Seven Questions Crew Have about U.S. Visas

17 December 2008 By Christina Bridge

Confusion continues to reign over the issue of U.S. visas for non-American crew. A captains' briefing held by the U.S. Superyacht Association in conjunction with the Marine Industries Association of South Florida (MIASF) at the Fort Lauderdale show tackled this topic among others. Representatives from top levels of the U.S. Coast Guard, CPB, Dept of Homeland Security and Office of the Consular, The Bahamas, were on hand to field questions by captains and crew. The questions asked were:

1. Which visa do I need?
The correct visa to apply for as non-U.S. private yacht crew on a foreign-flagged private vessel is the B1/B2 multiple entry non-immigrant visa. For crew who have been admitted to the U.S. on a B2 (tourist) visa and are looking for work, if you do get employed, you will have to re-apply to have your status changed to admittance on a B1 visa.

2. What do I need to apply?
Ideally, you already have a job, are in your own country of residence and have all the necessary paperwork from the vessel that is about to employ you. This should comprise a letter from the yacht stating the position you are going to be employed as, the name of the yacht, the yacht’s flag and official number, USCG clearance, a crew list and documentation that the vessel is private. Any other documentation proving that you have stronger ties to your home country than the U.S. will help your application. It's interesting to note that the yacht's home port should not be in the U.S. (proof may be required) as it's illegal to employ foreign crew without proper work visas on these vessels.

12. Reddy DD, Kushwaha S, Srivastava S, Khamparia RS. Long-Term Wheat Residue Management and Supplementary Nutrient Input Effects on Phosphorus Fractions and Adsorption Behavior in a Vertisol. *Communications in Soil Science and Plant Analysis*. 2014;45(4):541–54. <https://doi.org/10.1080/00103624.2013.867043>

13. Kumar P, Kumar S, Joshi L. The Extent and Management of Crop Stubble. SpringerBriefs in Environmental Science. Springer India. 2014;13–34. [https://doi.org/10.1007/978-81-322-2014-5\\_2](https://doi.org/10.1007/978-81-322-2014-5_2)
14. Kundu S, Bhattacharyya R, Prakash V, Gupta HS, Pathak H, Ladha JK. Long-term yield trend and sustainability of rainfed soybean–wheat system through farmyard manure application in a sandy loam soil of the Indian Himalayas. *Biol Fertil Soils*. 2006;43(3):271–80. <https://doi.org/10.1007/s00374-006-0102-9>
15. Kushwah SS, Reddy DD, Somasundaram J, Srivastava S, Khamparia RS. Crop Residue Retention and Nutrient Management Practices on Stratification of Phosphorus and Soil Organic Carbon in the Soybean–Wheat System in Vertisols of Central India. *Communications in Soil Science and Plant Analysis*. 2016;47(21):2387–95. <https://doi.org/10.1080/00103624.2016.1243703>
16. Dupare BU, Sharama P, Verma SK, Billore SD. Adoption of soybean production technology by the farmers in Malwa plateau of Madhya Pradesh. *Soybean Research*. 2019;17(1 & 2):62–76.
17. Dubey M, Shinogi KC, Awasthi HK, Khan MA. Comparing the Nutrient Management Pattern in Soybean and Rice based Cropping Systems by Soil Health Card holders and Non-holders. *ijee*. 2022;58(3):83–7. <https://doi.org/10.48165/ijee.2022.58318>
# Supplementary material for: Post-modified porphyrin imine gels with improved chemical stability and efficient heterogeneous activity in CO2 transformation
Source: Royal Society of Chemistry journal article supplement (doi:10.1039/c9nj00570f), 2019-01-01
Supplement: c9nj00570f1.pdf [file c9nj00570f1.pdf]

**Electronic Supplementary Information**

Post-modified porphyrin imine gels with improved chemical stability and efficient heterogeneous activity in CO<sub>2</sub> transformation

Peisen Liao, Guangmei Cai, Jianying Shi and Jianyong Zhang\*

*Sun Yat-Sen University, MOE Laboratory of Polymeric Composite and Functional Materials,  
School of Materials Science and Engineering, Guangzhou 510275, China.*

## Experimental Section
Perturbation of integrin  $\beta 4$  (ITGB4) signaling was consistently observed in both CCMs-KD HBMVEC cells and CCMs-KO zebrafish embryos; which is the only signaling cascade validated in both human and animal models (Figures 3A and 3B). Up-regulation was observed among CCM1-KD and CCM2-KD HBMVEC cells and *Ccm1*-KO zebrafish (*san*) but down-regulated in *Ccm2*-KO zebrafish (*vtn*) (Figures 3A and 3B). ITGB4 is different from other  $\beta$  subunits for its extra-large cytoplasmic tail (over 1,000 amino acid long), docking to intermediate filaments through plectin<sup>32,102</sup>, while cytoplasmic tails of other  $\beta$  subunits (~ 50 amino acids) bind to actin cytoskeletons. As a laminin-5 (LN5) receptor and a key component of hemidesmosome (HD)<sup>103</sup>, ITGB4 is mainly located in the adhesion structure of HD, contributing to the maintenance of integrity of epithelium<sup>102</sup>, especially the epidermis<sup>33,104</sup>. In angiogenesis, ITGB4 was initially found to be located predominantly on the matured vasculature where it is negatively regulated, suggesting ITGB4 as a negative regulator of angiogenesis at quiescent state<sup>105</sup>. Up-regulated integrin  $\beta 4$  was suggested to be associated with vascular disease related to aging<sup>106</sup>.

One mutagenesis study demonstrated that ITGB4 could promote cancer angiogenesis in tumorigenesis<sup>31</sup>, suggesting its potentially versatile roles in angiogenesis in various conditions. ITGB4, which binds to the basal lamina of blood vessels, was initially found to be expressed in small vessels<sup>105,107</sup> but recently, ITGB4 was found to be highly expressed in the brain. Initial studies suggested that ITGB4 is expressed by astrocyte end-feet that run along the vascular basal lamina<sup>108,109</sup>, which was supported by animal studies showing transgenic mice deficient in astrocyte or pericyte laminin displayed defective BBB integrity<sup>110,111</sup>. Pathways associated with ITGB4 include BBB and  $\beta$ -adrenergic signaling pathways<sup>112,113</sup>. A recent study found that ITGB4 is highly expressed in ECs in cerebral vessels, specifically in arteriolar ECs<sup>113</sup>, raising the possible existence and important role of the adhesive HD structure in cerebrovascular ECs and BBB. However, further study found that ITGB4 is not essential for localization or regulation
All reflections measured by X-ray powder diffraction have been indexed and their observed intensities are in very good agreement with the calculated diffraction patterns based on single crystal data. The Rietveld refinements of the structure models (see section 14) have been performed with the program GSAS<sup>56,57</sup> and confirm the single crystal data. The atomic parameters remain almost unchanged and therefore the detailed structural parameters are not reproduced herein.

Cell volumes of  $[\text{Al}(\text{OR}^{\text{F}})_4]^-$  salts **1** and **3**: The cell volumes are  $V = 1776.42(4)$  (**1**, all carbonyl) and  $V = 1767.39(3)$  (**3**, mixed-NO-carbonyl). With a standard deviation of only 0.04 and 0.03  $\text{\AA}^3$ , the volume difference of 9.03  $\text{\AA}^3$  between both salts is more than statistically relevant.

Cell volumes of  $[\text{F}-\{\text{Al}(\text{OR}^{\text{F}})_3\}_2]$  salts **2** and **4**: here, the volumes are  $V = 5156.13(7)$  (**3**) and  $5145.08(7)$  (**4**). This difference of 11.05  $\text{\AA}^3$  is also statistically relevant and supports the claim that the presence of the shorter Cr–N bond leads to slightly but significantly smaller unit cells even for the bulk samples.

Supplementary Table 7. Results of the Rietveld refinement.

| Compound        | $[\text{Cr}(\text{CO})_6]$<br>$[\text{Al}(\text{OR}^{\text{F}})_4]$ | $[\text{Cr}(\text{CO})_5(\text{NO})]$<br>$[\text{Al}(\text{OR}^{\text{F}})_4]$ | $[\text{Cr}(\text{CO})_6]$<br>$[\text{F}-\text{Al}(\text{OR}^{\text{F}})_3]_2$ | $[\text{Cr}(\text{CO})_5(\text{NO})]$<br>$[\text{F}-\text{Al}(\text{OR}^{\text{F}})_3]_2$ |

3. What’s a C1/D visa?
Often the Consular office will want to issue you a C1/D visa; this visa is primarily for crew on commercial vessels like cruise ships, or vessels that will not be in U.S. waters for longer than 29 days at one time. If this applies to the vessel that you will be employed on, then you may be issued both the C1/D and B1 visa.

4. How long will I be admitted for?
Depending on the immigration officer, you will receive anything up to six months’ stay, which is the maximum. If you believe that you will be in the U.S. longer, you must apply for an extension, which is done online through the USCIS at Allow at least 45 days before the visa entry stamp expires to file the application. Most crew fly out of the country for a couple of days to reset their time, but there are no guarantees that you will be admitted again.

5. Once I have my B1 visa, can I leave one vessel and join another?
Though widely practiced, this is actually illegal, as the initial B1 visa was issued specifically for employment on the yacht for which you applied. What you should do is leave the country and come back in with all the relevant paperwork stating that you are now employed on a new vessel.

6. What should I do when I leave my current employment?
It's up to you to tell Customs and Border Patrol (CBP) that you are no longer employed with the vessel. They may let you stay on your B2 (tourist visa). It's not the captain’s responsibility to inform CPB that a crewmember is no longer employed on the vessel, though it may be prudent to do so.

7. What if I’m coming to the U.S. to study?
Neither the B1/B2 nor C1/D visas allow you to study in the U.S. Unfortunately, there is no specific visa for maritime training. Don’t even mention that you are coming in to do your STCW ’95 or other course to the immigration officer; it puts you in danger of not being admitted.